Apple Watch Series 2 review: A tick closer to perfection

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Apple Watch Series 2 looks great in rose gold.
Photo: Ste Smith/CultofMac

I finally have a reason to stop cheating on my Apple Watch.

For the past 16 months, Apple’s wearable and I have had an on-again, off-again relationship. The Apple Watch looks great. It helps me stay fit. It tells the time really well. But it hasn’t been the complete wrist solution I need.

With the Apple Watch Series 2, a lot of the compromises of Apple’s first-gen smartwatch have finally been fixed. You can get GPS without carrying your iPhone. The new Apple Watch is water-friendly. And it’s built for speed. But with the new, less-expensive Apple Watch Series 1 getting some of the same features, is the Series 2 seriously worth the upgrade?

While working on this Apple Watch Series 2 review, I’ve been wearing the new device everywhere I go ever since it came out Friday. The short answer is, “hell yes.”

Ruh-roh: Your smart food scale and fitness tracker are talking to each other

The folks at The Orange Chef prepare lunch in their San Francisco offices with smart scale PrepPad.Photo: Jim Merithew/Cult of Mac
The folks at The Orange Chef prepare lunch in their San Francisco offices with smart scale PrepPad. Photo: Jim Merithew/Cult of Mac

This may be the last time you feel good about walking half a mile to get a cronut: a calorie-counting food scale and fitness tracker are on to you.

Smart food scale Prep Pad now synchs with Jawbone Up, keeping track of what you’re eating and how many calories you are burning.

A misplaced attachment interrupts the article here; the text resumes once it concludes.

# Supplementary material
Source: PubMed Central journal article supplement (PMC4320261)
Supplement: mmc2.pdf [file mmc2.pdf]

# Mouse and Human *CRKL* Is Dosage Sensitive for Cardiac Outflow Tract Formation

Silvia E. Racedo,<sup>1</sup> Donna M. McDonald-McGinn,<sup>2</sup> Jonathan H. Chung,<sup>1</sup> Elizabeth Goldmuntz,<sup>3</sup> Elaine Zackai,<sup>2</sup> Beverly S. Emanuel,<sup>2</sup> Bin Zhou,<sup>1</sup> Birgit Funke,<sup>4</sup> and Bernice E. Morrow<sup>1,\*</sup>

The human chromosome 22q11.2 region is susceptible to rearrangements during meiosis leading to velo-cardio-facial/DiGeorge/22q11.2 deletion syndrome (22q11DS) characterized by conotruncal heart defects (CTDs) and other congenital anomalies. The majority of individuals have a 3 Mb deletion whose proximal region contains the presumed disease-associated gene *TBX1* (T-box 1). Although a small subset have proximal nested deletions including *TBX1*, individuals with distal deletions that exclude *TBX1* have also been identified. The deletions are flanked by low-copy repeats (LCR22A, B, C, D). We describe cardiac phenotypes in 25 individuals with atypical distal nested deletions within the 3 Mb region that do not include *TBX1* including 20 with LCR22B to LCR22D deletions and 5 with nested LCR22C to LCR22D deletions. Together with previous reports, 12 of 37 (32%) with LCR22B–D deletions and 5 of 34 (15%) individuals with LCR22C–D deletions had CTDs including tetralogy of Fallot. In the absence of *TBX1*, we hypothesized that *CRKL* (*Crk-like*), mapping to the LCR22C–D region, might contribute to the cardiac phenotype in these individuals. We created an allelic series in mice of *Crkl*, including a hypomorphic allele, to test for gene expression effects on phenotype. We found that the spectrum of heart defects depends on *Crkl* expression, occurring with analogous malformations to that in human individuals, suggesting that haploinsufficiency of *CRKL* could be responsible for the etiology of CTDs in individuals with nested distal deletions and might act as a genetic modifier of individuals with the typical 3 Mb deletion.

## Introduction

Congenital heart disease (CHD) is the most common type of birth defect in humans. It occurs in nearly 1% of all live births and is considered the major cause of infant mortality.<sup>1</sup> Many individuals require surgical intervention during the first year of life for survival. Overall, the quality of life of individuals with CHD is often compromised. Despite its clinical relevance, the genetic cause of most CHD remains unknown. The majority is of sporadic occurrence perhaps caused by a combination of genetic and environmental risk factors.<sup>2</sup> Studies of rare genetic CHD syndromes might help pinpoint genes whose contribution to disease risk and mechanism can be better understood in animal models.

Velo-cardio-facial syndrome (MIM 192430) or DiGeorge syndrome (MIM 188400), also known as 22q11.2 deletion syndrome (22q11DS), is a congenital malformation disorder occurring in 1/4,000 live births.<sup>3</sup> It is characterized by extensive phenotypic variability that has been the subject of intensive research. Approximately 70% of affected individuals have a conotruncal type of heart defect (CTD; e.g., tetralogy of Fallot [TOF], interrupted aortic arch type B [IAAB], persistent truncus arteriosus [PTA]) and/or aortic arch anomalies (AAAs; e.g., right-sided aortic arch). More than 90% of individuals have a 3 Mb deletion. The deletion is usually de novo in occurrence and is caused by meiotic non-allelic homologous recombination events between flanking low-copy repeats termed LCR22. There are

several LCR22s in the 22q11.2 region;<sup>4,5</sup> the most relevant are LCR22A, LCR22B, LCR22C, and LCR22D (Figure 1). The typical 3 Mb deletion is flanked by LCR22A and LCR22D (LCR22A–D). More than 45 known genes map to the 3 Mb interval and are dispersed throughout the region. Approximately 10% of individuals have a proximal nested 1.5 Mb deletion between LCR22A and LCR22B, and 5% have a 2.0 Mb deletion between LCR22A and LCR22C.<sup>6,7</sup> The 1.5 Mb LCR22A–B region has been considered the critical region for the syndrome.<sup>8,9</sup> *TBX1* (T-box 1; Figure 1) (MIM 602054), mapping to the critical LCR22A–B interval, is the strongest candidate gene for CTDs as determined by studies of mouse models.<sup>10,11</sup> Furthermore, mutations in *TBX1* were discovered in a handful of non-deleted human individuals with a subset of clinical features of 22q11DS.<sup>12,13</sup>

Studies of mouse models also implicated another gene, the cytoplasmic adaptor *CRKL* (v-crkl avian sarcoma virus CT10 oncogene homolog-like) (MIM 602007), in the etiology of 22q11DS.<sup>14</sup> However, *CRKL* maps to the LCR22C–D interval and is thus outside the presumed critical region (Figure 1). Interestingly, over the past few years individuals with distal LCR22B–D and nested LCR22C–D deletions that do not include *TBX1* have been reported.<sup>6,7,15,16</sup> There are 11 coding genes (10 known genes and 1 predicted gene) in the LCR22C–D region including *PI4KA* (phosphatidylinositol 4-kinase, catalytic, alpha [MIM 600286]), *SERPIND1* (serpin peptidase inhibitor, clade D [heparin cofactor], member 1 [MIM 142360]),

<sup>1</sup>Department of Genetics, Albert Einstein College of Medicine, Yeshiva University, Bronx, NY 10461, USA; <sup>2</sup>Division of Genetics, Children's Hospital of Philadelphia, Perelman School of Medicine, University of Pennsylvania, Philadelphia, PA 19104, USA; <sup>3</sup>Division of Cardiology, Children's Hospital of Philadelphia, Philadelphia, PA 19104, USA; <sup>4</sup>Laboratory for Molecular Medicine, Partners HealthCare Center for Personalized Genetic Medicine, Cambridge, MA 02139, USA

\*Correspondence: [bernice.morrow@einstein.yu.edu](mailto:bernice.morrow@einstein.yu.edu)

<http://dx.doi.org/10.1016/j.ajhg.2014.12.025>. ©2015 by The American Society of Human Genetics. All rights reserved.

It’s latest buddy system in the quantified self movement, where, as we reported earlier, your car is already conversing with your fitness tracker about how much you should be hoofing it instead of driving. Sales of fitness gadgets like the Jawbone Up, Fitbit and Nike + are over the previous year, leaving us with 19 million trackers and trainers strapped to our wrists.

Fitlist fitness tracker adds progress graphs and workout-sharing options

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If the idea of using your iOS device to help track your fitness appeals to you, it’s worth checking out the newly-updated Fitlist app.

Since one of the best things about the new wave of fitness trackers is the ability to see how you progress over time, the most useful new feature of the popular workout log is the addition of new progress graphs. These allow you to view your cardio and strength exercise history in the form of attractive, easy-to-read charts. (This feature is available to premium users only.)

The Tao WellShell Measures Your Isometric Fitness Strength, With Your iPhone’s Help [Kickstarter]

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The sleek lines of the just-redesigned Tao WellShell.

The Tao WellShell is probably unlike any iOS-connected fitness device you’ve ever encountered. It doesn’t simply track steps, or heart rate, or weight, or any of the other standard metrics tracked in dozens of other connected fitness devices. Instead, this little guy actually acts as the fitness device itself, rather than simply a tracker (though it does indeed also track heart rate, steps and sleep patterns).